Imagine if the price of unleaded gasoline increased 20% tomorrow to $4.80 per gallon. Most of us would want to know the cause and expected duration of the price hike. Right?
What if the price skyrocketed from $4.00 to $5.50 per gallon and stayed there for an entire year with the likelihood of going even higher? For families consuming an average of 30 gallons per month, the annual cost increase would be $540. For families consuming 45 gallons per month, the annual cost increase would be $810. Most of us would be complaining and demanding answers.
The financial impact of this latter hypothetical is exactly what our CBJ government is doing to us this year through their property tax assessments. Despite falling real estate prices throughout the country, in March CBJ sent out notices claiming most of our home values increased 10-20% in the past year.
CBJ’s assessor claims the average value of single-family homes in Juneau increased 15% during 2022, from $470,000 to $542,000. But these figures don’t jive with data from Zillow.com, which shows local home values increased just 1%, from $457,000 to $462,000. Data from Realtor.com shows local values declined 1% during 2022.
The significant increase by CBJ for 2022 followed a sizable increase in 2021. For example, CBJ’s assessed value of my home, built by my father in 1994, has increased 33% over the past two years.
Don’t be deceived. CBJ’s aggressive valuations don’t make us any richer; these are the homes we live in and many of us hope to pass on to future generations. No, this “paper wealth” actually makes us poorer because more real dollars must come out of our pockets to pay higher taxes.
A potential motive for these highly questionable assessments surfaced on May 17 at the Assembly’s Finance Committee meeting. I was in attendance and learned the city manager proposed setting aside $10,000,000 in this year’s budget towards payment for a new City Hall that voters rejected last fall.
Included in the meeting packet was a May 4 memo from the manager recommending that a similar bond obligation be put back on the ballot this year. The memo claims CBJ has “significant capacity available this year” to take on additional debt. The memo even claims the bond will be easier to pass because it will be for $10,000,000 less – the amount being set aside in this year’s budget!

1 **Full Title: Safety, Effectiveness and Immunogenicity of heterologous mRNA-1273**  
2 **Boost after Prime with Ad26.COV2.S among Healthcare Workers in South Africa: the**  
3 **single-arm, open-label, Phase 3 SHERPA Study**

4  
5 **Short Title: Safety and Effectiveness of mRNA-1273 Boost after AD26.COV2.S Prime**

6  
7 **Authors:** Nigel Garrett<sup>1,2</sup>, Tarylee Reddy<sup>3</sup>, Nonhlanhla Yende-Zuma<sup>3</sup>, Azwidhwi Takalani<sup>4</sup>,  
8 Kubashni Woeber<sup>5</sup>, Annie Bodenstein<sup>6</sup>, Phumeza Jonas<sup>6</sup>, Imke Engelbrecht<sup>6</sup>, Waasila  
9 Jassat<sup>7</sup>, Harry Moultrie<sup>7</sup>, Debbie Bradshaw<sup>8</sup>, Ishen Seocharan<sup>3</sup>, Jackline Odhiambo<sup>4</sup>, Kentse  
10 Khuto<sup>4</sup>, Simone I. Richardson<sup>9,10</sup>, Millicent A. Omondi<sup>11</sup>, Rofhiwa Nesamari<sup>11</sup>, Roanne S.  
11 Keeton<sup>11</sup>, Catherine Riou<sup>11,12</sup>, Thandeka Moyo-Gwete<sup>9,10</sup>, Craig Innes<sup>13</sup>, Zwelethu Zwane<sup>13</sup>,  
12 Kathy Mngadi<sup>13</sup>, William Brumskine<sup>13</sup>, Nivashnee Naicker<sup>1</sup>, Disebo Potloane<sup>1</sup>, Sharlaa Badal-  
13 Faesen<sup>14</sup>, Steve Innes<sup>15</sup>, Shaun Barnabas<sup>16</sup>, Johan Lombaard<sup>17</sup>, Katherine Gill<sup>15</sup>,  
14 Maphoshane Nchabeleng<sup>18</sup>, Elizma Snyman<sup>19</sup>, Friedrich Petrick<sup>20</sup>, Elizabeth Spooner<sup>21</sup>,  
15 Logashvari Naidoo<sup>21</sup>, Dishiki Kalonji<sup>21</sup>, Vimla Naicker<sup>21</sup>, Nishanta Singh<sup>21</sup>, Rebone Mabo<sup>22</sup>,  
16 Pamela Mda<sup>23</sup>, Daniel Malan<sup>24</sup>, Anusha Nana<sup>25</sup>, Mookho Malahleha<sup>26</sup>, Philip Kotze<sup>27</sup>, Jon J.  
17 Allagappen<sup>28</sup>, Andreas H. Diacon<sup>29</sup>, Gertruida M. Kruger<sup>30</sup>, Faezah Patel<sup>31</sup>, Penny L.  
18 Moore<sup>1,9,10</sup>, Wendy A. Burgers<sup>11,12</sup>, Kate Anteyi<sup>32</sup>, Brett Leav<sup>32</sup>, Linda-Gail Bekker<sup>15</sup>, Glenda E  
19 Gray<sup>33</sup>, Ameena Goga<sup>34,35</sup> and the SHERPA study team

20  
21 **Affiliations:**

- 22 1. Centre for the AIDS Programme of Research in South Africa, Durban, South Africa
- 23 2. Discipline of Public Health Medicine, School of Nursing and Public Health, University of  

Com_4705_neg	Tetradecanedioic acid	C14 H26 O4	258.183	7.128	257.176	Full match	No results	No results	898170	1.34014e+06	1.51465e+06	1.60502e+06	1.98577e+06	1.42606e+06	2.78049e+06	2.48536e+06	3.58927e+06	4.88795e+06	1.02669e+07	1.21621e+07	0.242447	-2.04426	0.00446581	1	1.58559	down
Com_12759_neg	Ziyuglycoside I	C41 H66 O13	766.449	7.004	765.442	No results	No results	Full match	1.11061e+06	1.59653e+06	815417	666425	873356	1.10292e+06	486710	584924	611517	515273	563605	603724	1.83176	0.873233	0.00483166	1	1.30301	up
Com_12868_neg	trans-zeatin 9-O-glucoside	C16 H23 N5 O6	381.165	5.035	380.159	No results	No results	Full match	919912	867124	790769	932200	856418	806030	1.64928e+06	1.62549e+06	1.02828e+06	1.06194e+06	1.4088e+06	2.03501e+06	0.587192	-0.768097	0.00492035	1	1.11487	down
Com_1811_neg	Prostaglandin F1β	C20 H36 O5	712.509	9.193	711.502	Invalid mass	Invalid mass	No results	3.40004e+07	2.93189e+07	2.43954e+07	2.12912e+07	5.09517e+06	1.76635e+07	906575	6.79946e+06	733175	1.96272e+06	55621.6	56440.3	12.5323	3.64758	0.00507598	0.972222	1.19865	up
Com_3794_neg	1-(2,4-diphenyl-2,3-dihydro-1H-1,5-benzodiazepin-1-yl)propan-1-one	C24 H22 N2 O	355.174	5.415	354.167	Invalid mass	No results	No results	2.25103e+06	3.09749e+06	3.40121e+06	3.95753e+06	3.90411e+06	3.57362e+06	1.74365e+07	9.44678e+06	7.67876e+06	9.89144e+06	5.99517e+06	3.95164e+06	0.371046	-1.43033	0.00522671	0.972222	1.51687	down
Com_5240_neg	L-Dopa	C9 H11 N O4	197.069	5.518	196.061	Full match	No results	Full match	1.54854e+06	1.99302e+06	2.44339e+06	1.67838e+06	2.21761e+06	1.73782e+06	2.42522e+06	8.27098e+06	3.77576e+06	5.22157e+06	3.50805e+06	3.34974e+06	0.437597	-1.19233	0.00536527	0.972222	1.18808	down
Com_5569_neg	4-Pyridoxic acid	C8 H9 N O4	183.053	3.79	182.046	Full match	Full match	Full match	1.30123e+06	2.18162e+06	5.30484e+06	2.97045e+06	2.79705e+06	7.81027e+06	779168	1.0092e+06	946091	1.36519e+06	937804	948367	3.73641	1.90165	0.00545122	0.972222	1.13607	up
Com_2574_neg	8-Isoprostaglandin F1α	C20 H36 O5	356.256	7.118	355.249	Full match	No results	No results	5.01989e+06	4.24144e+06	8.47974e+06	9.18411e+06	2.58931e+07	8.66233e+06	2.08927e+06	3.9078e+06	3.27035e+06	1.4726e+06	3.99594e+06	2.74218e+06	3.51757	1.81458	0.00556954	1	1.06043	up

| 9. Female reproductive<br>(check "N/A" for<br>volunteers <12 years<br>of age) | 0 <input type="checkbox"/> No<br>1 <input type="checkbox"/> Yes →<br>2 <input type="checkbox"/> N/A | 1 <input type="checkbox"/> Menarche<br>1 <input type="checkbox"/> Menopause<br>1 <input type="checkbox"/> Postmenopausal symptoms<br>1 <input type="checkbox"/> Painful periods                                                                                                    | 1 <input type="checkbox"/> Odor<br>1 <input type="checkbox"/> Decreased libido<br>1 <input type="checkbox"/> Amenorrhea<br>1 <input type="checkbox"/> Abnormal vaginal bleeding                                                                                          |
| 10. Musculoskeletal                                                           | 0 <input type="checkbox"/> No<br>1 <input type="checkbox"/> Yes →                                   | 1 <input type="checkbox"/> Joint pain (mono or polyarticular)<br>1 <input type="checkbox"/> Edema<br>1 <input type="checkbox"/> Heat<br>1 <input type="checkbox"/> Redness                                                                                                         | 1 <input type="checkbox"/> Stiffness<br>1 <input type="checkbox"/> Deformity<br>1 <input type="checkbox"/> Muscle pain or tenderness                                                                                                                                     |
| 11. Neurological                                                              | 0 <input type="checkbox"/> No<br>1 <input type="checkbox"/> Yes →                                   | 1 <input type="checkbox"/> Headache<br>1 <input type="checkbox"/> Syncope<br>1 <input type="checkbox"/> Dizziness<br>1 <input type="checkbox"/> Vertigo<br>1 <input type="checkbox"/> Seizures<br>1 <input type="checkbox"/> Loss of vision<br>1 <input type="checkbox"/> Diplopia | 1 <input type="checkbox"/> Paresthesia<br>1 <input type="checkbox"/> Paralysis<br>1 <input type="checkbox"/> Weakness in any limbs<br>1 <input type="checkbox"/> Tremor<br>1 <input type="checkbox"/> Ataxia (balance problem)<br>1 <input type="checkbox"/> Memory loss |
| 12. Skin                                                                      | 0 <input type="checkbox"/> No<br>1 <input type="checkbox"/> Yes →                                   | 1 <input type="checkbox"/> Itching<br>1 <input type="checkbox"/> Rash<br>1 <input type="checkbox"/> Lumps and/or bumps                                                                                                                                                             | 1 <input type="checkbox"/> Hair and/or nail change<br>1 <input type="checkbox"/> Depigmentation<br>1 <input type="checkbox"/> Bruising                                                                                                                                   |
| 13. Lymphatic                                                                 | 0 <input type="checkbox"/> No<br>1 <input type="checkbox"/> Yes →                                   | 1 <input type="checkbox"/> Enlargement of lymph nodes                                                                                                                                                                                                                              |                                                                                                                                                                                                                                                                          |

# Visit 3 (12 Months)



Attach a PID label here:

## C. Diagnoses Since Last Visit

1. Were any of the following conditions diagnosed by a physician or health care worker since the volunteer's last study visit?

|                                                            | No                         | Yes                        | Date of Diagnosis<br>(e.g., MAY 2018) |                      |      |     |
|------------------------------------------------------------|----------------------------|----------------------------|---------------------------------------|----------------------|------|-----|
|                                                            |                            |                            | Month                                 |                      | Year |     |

These facts give rise to an important question: Did CBJ public servants artificially raise the assessed values of our homes in an intentional scheme to help finance an expensive building voters rejected?
Another disturbing component of the manager’s proposed budget is setting aside $50,000 to “educate the public” on the need for a new City Hall. Last year the Assembly turned down a similar proposal on ethical considerations. If one ethical standard is being blatantly disregarded, were others compromised? The public has a right to know.
Our best shot at the truth is an investigation by an independent grand jury. It can subpoena records and testimony from CBJ officials, and then publicly report its findings and recommendations.
While the grand jury is looking into these issues it can also review CBJ’s appeal process, which some locals feel is being administered in a retaliatory fashion. Some residents who have appealed their increased assessments say the assessor threatened to increase their assessments even higher unless they withdrew those appeals. Only a grand jury can protect the anonymity of these residents and save them from further retaliation.
Don’t be misdirected by CBJ officials who at the May 17 meeting attempted to justify the increased assessments by lowering the mill rate from 10.58 to 10.16. The math shows the damage from these record assessment increases is not mitigated by what they tout as the lowest mill rate in decades.
Applying CBJ’s average numbers, a homeowner with a 15% increased assessment to $542,000 will pay $535 more in taxes, from $4,972 last year to $5,506 this year. For a homeowner who received a 20% assessment increase from $625,000 to $750,000, their tax payment will increase by over $1,000, from $6,612 to $7,620.
In other words, that hypothetical $5.50 gallon of gas has become a reality in Juneau.
For residents on a fixed income, tax increases of this magnitude can be disastrous and force some to sell their home. If you live in a rental, expect these increases to be passed through to you.
To offset CBJ’s average assessment increase of 15%, the mill rate would need to be lowered to 9.17. Greg Smith was the only Assembly member who advocated for a mill rate below 10; is he the only Assembly member that has our backs?
A grand jury review of these issues should begin immediately so voters can know the truth before the next election. If CBJ officials have nothing to hide, they should be eager to cooperate.
• David Ignell was born and raised in Juneau. He is a forensic journalist and author of a recent book on Alaska’s grand jury system. He resides in West Juneau.